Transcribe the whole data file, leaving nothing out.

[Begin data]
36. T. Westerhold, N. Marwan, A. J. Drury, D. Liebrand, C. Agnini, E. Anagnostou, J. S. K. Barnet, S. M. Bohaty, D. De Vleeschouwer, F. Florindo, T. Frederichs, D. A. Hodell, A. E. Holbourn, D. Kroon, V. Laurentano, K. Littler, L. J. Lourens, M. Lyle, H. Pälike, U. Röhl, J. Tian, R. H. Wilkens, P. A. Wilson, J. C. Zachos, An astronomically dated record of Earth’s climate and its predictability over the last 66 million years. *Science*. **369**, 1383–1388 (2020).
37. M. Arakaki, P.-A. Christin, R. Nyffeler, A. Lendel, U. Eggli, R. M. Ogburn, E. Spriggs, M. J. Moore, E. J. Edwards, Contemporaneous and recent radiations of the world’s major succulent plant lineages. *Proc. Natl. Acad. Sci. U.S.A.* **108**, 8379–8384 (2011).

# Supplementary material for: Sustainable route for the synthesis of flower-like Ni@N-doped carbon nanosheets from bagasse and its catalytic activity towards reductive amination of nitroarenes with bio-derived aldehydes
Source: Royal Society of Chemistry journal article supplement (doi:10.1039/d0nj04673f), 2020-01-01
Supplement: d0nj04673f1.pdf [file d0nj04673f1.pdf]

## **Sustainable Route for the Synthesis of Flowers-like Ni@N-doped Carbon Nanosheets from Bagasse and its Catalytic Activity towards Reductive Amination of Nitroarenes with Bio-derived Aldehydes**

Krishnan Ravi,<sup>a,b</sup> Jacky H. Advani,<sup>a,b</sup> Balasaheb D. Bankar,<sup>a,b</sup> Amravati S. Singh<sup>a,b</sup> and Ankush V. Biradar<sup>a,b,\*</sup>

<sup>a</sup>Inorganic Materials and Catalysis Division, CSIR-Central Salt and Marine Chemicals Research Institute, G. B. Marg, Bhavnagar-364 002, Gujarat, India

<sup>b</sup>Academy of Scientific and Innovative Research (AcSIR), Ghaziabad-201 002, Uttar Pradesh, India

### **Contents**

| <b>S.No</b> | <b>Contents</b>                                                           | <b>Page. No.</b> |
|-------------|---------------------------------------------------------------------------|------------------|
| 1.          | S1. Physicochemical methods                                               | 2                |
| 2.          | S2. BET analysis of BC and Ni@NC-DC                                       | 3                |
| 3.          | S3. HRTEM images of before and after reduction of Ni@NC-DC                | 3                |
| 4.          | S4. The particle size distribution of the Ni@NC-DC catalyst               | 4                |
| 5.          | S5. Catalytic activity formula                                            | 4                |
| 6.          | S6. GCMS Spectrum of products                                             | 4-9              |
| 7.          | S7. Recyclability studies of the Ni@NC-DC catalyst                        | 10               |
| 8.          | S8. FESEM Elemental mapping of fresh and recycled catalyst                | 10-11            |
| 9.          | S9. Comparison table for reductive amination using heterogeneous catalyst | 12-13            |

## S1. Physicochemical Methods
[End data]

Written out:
36. T. Westerhold, N. Marwan, A. J. Drury, D. Liebrand, C. Agnini, E. Anagnostou, J. S. K. Barnet, S. M. Bohaty, D. De Vleeschouwer, F. Florindo, T. Frederichs, D. A. Hodell, A. E. Holbourn, D. Kroon, V. Laurentano, K. Littler, L. J. Lourens, M. Lyle, H. Pälike, U. Röhl, J. Tian, R. H. Wilkens, P. A. Wilson, J. C. Zachos, An astronomically dated record of Earth’s climate and its predictability over the last 66 million years. *Science*. **369**, 1383–1388 (2020).
37. M. Arakaki, P.-A. Christin, R. Nyffeler, A. Lendel, U. Eggli, R. M. Ogburn, E. Spriggs, M. J. Moore, E. J. Edwards, Contemporaneous and recent radiations of the world’s major succulent plant lineages. *Proc. Natl. Acad. Sci. U.S.A.* **108**, 8379–8384 (2011).

# Supplementary material for: Sustainable route for the synthesis of flower-like Ni@N-doped carbon nanosheets from bagasse and its catalytic activity towards reductive amination of nitroarenes with bio-derived aldehydes
Source: Royal Society of Chemistry journal article supplement (doi:10.1039/d0nj04673f), 2020-01-01
Supplement: d0nj04673f1.pdf [file d0nj04673f1.pdf]

## **Sustainable Route for the Synthesis of Flowers-like Ni@N-doped Carbon Nanosheets from Bagasse and its Catalytic Activity towards Reductive Amination of Nitroarenes with Bio-derived Aldehydes**

Krishnan Ravi,<sup>a,b</sup> Jacky H. Advani,<sup>a,b</sup> Balasaheb D. Bankar,<sup>a,b</sup> Amravati S. Singh<sup>a,b</sup> and Ankush V. Biradar<sup>a,b,\*</sup>

<sup>a</sup>Inorganic Materials and Catalysis Division, CSIR-Central Salt and Marine Chemicals Research Institute, G. B. Marg, Bhavnagar-364 002, Gujarat, India

<sup>b</sup>Academy of Scientific and Innovative Research (AcSIR), Ghaziabad-201 002, Uttar Pradesh, India

### **Contents**

| <b>S.No</b> | <b>Contents</b>                                                           | <b>Page. No.</b> |
|-------------|---------------------------------------------------------------------------|------------------|
| 1.          | S1. Physicochemical methods                                               | 2                |
| 2.          | S2. BET analysis of BC and Ni@NC-DC                                       | 3                |
| 3.          | S3. HRTEM images of before and after reduction of Ni@NC-DC                | 3                |
| 4.          | S4. The particle size distribution of the Ni@NC-DC catalyst               | 4                |
| 5.          | S5. Catalytic activity formula                                            | 4                |
| 6.          | S6. GCMS Spectrum of products                                             | 4-9              |
| 7.          | S7. Recyclability studies of the Ni@NC-DC catalyst                        | 10               |
| 8.          | S8. FESEM Elemental mapping of fresh and recycled catalyst                | 10-11            |
| 9.          | S9. Comparison table for reductive amination using heterogeneous catalyst | 12-13            |

## S1. Physicochemical Methods